Curricular and studio innovations
Since coming to the University of Regina in Fall 2007, I have developed a completely new curriculum at all levels of Print Media instruction. The reasoning for this overall re-visioning of Print Media (formerly “Printmaking”) at the University of Regina is threefold: The development of a studio area that is forward-looking, with a trajectory that focuses on new technologies and professional/industrial avenues of technological integration; the maintenance of the “traditional” manners of printmaking, where appropriate, and; the growth of a studio discipline that favours the use of environmentally “better” choices for materials, methods, and equipment, ultimately leading to healthier (and more health and safety conscious) students.
I have divided the innovations and implementations via the four main Print Media studio areas:
Intaglio (aka “etching”) The Intaglio area has undergone a complete transformation in terms of health and safety, equipment holdings, and curriculum. Photo-etching is now being offered at the introductory level and beyond. I have acquired a professional photo-exposure unit capable of producing exceptionally detailed photographic etching plates. This capacity has led to a tremendous outpouring of student work which truly integrates traditional and contemporary processes; they are using the same tools and kinds of marks that Rembrandt or Goya once did, but are now incorporating photo-digital imagery taken from camera phones, internet grabs, and digital and film cameras. In terms of additional enhancements to the the intaglio studio, the Charles Brand motorized etching press which had laid dormant for several years was refurbished and reintroduced to the curriculum at the advanced level, as well as a brand-new intaglio press was acquired in April 2011, built by a local craftsman (and former University of Regina printmaking student).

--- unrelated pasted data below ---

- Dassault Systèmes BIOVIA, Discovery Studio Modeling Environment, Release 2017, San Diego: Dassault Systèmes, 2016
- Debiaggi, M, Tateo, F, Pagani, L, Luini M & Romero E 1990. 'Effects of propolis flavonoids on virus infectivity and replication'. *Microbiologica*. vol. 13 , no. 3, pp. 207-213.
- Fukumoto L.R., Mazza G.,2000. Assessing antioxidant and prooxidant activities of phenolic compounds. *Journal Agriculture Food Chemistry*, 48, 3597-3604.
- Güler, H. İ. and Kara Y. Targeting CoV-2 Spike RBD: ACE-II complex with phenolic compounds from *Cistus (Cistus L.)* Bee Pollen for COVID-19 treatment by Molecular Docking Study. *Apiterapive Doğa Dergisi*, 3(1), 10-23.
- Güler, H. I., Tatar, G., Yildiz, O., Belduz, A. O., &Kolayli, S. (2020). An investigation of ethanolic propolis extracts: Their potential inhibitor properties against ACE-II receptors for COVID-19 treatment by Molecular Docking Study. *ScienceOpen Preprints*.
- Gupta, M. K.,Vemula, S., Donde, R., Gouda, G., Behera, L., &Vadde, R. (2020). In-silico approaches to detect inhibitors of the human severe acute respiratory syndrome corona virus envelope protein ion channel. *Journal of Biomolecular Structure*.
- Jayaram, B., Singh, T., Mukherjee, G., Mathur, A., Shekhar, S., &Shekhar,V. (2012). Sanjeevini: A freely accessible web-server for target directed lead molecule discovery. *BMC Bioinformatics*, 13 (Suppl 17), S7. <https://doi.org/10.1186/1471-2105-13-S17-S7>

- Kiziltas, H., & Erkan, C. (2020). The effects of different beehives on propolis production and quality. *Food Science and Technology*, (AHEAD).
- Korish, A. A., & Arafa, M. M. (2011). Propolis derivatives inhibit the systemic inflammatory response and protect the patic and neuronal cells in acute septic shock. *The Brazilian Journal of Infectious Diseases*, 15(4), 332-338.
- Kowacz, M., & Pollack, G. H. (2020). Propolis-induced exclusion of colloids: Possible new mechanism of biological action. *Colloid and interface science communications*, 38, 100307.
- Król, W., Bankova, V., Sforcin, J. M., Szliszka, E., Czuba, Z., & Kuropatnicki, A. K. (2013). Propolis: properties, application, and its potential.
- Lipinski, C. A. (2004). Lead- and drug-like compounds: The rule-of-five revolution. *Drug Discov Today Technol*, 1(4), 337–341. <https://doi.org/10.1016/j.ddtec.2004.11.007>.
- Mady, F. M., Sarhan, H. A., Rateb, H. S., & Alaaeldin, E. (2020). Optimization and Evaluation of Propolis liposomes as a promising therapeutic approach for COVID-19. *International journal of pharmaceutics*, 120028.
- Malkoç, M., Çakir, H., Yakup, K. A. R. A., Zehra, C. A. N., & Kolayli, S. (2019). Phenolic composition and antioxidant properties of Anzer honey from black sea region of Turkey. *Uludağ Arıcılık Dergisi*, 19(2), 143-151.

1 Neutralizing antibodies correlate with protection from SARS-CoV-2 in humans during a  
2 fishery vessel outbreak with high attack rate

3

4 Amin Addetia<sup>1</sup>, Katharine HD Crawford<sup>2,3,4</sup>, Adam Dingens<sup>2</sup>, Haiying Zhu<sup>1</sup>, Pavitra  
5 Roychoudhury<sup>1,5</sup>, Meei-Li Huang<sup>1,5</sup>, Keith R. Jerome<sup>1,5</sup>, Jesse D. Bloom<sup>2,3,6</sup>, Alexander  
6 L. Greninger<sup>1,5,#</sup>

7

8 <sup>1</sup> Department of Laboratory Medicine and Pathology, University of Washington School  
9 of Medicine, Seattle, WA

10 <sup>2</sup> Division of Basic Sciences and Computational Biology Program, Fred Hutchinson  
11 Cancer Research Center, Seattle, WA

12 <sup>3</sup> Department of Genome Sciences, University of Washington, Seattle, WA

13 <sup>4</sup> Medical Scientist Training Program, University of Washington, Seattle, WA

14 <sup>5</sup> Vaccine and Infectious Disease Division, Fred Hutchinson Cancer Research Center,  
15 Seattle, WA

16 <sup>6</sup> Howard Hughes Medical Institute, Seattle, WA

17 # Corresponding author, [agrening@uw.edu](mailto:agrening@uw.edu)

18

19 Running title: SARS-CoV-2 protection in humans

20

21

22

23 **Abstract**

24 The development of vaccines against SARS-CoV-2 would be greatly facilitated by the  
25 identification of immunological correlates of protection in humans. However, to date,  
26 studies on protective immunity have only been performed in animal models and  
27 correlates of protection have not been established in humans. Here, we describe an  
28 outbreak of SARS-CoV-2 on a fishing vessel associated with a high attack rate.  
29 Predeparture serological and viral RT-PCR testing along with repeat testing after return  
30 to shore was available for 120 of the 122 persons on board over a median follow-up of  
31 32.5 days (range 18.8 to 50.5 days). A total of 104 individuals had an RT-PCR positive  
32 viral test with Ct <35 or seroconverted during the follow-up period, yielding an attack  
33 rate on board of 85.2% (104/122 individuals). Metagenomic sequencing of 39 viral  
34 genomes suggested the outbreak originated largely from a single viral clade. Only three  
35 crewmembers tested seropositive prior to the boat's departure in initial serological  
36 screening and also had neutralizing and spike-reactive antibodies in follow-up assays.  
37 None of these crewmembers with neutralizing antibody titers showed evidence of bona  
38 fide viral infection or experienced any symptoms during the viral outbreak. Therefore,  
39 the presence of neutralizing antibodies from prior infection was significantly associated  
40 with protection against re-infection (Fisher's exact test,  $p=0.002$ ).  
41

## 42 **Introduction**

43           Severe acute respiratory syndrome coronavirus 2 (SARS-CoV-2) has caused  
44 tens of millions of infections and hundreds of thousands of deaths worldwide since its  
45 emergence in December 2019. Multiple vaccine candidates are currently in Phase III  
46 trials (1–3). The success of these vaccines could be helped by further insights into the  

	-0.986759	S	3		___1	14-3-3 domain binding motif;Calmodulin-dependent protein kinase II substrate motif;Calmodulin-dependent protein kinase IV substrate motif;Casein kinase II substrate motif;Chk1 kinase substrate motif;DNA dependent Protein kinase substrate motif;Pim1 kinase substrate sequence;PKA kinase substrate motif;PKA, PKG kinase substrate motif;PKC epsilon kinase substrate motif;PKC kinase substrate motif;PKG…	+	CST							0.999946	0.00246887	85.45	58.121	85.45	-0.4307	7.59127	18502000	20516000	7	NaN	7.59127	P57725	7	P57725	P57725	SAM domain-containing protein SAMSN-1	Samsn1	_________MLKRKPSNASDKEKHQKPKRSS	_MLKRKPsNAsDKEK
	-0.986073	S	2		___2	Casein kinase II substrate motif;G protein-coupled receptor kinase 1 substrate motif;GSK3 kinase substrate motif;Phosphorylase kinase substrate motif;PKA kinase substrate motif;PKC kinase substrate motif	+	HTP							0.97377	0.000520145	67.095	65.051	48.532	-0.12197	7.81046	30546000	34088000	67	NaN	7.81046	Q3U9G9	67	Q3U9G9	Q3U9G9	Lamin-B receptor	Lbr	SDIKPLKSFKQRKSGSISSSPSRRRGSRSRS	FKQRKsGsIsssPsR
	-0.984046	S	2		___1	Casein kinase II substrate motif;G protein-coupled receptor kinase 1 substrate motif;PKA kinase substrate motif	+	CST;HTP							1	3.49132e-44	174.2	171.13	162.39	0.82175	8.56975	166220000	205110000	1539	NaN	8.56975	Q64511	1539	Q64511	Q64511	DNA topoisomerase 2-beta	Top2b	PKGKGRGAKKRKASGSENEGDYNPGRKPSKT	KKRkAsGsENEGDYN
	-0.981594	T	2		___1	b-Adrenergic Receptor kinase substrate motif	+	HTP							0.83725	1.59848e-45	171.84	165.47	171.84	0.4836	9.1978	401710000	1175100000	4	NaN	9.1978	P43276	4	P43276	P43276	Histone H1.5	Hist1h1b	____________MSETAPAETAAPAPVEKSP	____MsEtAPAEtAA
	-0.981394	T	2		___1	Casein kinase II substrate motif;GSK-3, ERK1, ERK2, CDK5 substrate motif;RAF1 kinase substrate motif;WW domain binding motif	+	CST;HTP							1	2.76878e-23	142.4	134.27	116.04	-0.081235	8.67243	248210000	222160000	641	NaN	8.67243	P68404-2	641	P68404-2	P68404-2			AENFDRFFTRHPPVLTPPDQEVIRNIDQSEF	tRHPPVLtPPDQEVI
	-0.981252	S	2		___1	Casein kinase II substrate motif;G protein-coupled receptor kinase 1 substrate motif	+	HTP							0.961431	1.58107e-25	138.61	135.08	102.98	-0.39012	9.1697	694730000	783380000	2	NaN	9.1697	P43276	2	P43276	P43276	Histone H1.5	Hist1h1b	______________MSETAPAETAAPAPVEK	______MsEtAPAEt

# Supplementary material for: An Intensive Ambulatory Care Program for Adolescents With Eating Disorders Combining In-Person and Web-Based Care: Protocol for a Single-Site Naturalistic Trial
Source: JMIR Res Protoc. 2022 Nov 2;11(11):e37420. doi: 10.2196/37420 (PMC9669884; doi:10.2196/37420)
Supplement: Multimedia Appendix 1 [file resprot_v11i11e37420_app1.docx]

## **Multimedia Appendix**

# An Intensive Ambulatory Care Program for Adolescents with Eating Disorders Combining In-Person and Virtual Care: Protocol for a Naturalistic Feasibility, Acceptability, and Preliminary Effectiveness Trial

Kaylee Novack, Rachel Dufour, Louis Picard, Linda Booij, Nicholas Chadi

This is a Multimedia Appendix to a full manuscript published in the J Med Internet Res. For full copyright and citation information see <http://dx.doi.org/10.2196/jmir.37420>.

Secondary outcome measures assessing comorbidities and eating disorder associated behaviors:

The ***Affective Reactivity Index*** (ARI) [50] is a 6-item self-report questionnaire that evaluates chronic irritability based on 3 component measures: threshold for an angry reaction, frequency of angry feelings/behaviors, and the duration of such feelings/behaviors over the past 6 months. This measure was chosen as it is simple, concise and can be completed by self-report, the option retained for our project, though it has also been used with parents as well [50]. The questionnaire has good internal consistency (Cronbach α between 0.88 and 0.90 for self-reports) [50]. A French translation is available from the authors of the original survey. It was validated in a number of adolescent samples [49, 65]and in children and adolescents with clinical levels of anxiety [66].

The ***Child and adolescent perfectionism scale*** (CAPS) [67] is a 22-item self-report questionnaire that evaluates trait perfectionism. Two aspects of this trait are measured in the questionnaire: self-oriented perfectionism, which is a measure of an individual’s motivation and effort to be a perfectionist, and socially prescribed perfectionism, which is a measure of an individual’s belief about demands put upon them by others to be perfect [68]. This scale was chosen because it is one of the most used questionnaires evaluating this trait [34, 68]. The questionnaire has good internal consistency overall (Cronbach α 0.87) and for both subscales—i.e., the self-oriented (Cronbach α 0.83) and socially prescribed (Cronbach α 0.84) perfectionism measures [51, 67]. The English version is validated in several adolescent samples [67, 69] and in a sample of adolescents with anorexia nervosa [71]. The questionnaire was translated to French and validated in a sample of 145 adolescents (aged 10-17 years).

Perhaps the biggest impact on student well-being specific to the Intaglio area comes from the introduction of Ferric Chloride for etching copper plates. Primarily water in nature, Ferric Chloride is a “corrosive salt” that is much easier to use, safer to handle and to dispose, and ultimately better to have in any studio environment (student or professional). This new system for etching uses a vertically-oriented tank for "dipping plates", replacing the use of particularly nasty Nitric Acid, and its dangerous need to be poured in and out of trays and storage containers in large quantities, on a daily basis.
Lithography Lithography has also been re-invigorated at all levels. Most excitingly, photo-digital plate lithography has been developed by way of expanding Print Media’s equipment holdings to include an oversize laser plate printer capable of producing printing plates, in-house. Students who have never heard of lithography prior to the introductory class are producing three-colour (three plate) lithographs in their very first lithography assignment. This is almost unheard-of in most general introductory printmaking classes (in a non Lithography-specific course)! Students not only learn to physically print their plates in the litho studio, but they are involved in every facet of the preparation work, from an introductory experience in photo-digital imaging (Adobe Photoshop and/or Illustrator), to outputting imagery for polyester litho plates, to setting up registration and mixing ink colours. By the intermediate course, students are given the skills necessary to print very demanding “colour separations” on plates, as well as they are introduced to stone lithography (the labour-intensive, historical process of printing imagery from heavy slabs of limestone). Lithography was defunct upon my arrival at the University of Regina in Fall 2007, but it is now an extremely popular studio area within Print Media.